Changes of hepatitis B virus DNA in liver and serum caused by recombinant leukocyte interferon treatment: Analysis of intrahepatic replicative hepatitis B virus DNA

Authors

  • Osamu Yokosuka,

    1. First Department of Medicine, Chiba University School of Medicine, Chiba, Japan
    2. Institute for Cancer Research, Fox Chase Cancer Center, Philadelphia, Pennsylvania 19111
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  • Masao Omata M.D.,

    Corresponding author
    1. First Department of Medicine, Chiba University School of Medicine, Chiba, Japan
    2. Institute for Cancer Research, Fox Chase Cancer Center, Philadelphia, Pennsylvania 19111
    • First Department of Medicine, Chiba University School of Medicine, Chiba 280, Japan
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  • Fumio Imazeki,

    1. First Department of Medicine, Chiba University School of Medicine, Chiba, Japan
    2. Institute for Cancer Research, Fox Chase Cancer Center, Philadelphia, Pennsylvania 19111
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  • Kunio Okuda,

    1. First Department of Medicine, Chiba University School of Medicine, Chiba, Japan
    2. Institute for Cancer Research, Fox Chase Cancer Center, Philadelphia, Pennsylvania 19111
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  • Jesse Summers

    1. First Department of Medicine, Chiba University School of Medicine, Chiba, Japan
    2. Institute for Cancer Research, Fox Chase Cancer Center, Philadelphia, Pennsylvania 19111
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Abstract

Twenty patients with HBeAg-positive chronic liver disease were given large doses of recombinant leukocyte interferon for 4 weeks. Changes of hepatitis B virus DNA in livers and sera were analyzed by the molecular hybridization technique in paired biopsies obtained before and 2 weeks after treatment. Serum hepatitis B virus DNA was examined before, during and after the treatment until 4 weeks post-interferon.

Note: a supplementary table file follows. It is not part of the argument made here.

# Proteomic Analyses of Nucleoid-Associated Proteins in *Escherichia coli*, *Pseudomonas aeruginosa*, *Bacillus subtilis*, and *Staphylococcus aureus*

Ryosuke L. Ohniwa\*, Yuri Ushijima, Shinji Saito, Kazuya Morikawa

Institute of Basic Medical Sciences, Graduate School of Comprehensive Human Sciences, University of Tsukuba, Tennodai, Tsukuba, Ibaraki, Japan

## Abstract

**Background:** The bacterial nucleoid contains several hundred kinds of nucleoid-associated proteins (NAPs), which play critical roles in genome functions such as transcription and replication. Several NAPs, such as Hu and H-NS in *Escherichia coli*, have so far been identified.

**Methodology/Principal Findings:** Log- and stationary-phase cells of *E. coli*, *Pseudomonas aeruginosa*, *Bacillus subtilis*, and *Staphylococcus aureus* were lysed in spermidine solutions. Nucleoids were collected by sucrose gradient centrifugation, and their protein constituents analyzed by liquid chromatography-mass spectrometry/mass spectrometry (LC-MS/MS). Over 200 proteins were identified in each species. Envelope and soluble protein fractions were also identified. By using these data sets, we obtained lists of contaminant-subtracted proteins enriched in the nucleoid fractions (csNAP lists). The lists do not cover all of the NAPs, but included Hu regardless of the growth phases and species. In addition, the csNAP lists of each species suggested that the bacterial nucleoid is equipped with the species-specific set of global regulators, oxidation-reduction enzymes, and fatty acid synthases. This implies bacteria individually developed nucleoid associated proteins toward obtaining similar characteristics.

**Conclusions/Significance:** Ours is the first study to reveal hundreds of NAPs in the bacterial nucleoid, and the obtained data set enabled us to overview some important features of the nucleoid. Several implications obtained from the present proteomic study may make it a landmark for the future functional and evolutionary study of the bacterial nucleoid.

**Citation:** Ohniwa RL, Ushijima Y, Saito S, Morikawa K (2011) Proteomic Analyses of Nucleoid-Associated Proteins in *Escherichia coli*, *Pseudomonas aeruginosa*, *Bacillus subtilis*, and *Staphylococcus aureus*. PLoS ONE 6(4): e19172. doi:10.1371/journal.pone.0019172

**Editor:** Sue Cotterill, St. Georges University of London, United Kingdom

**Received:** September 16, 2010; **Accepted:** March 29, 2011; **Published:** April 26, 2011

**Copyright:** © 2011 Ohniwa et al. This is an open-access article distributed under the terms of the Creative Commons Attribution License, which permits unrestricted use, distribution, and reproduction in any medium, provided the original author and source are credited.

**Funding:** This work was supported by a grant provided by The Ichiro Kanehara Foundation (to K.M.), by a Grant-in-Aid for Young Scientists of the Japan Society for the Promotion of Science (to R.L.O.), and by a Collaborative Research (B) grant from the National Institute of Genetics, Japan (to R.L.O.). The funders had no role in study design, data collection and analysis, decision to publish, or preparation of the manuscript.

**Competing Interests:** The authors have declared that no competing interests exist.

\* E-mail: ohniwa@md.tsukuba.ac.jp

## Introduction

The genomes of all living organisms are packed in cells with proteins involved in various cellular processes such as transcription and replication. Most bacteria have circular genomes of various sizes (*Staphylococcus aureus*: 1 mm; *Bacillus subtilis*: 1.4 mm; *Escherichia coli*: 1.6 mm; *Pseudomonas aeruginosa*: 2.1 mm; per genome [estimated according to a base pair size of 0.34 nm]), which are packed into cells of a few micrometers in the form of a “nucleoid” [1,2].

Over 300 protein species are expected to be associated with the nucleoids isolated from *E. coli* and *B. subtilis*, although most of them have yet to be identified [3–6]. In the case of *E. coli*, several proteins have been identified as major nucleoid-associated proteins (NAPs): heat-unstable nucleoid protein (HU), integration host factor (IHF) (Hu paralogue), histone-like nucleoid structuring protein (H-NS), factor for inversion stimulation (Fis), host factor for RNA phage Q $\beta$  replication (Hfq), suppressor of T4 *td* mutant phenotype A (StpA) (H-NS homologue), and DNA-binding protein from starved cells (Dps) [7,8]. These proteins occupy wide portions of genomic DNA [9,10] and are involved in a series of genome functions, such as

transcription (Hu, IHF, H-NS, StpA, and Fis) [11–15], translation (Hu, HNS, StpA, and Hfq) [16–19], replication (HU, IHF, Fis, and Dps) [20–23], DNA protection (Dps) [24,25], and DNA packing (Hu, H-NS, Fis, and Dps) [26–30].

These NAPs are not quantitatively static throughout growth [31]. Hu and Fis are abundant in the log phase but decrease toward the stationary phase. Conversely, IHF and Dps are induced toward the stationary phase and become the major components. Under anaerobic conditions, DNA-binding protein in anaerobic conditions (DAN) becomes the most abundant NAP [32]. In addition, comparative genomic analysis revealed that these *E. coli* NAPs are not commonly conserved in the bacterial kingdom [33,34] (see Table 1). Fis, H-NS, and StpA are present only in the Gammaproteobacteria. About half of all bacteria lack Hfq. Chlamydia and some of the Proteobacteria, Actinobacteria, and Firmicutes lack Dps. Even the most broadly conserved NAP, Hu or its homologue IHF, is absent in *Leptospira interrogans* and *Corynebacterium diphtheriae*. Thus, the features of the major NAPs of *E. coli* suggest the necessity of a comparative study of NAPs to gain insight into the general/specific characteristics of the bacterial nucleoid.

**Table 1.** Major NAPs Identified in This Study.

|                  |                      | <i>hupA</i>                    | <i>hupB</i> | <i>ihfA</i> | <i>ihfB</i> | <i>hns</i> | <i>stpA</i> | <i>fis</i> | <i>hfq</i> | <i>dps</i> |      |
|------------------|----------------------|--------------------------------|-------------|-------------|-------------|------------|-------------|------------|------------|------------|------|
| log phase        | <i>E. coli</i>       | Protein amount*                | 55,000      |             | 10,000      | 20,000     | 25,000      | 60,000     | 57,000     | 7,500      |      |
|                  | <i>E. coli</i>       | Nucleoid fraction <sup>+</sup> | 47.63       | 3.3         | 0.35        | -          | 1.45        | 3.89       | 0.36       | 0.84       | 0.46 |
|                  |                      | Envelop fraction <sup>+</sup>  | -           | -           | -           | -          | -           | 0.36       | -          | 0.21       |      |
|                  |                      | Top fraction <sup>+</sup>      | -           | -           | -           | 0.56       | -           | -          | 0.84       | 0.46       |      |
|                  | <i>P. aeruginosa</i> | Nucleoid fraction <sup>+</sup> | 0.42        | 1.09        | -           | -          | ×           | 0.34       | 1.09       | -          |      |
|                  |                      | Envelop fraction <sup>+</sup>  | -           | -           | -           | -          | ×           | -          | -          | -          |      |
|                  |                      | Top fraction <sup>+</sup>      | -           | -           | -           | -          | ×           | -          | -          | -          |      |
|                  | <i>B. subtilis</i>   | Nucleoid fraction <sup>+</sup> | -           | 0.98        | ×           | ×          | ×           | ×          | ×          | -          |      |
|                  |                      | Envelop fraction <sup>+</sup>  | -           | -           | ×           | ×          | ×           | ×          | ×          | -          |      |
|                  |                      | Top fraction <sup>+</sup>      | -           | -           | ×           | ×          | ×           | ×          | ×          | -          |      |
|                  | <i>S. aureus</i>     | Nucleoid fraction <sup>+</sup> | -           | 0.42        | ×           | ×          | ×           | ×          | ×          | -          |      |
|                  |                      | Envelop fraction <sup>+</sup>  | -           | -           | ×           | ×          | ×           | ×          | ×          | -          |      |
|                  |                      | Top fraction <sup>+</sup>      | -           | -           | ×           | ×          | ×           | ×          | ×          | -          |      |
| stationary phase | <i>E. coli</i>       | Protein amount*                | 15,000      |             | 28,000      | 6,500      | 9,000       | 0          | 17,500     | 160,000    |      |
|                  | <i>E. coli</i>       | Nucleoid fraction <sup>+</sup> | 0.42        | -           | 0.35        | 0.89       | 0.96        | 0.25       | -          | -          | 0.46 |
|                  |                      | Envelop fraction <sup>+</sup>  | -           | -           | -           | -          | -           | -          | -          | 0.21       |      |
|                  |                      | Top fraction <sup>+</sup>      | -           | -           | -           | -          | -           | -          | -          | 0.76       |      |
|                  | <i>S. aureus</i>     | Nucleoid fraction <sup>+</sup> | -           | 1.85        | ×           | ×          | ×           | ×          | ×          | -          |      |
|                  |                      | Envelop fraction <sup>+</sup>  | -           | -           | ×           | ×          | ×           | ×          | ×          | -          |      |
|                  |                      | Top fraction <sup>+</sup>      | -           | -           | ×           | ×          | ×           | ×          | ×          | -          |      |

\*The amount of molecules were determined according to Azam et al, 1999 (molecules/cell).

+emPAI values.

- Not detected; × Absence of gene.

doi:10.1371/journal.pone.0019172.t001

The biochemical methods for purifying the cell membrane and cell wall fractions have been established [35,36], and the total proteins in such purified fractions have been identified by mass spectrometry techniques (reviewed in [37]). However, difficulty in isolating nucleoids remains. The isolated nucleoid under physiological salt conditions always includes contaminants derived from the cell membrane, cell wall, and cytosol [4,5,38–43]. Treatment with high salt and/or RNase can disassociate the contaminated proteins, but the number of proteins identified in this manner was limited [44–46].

Analysis of hepatic hepatitis B virus DNA revealed species that appeared to represent various forms of replicative hepatitis B virus DNA, i.e., relaxed circular, linear, supercoiled and single-stranded hepatitis B virus DNA, respectively. No evidence of integration of hepatitis B virus DNA in genomic DNA was obtained. Of 15 cases which were positive for hepatic hepatitis B virus DNA before treatment and in which paired biopsies were obtained, hepatic hepatitis B virus DNA became negative in 4, decreased in 5 and unchanged in 6. Among several types of replicative viral DNA in liver tissue, supercoiled hepatitis B virus DNA tended to remain after other forms were reduced.

A close correlation between hepatic and serum hepatitis B virus DNA was found in 37 liver biopsy samples and corresponding sera.

These results indicate that interferon treatment reduces serum hepatitis B virus levels by inhibiting viral replication in the liver and that persistence or reappearance of hepatitis B virus in serum after interferon is associated with replication.

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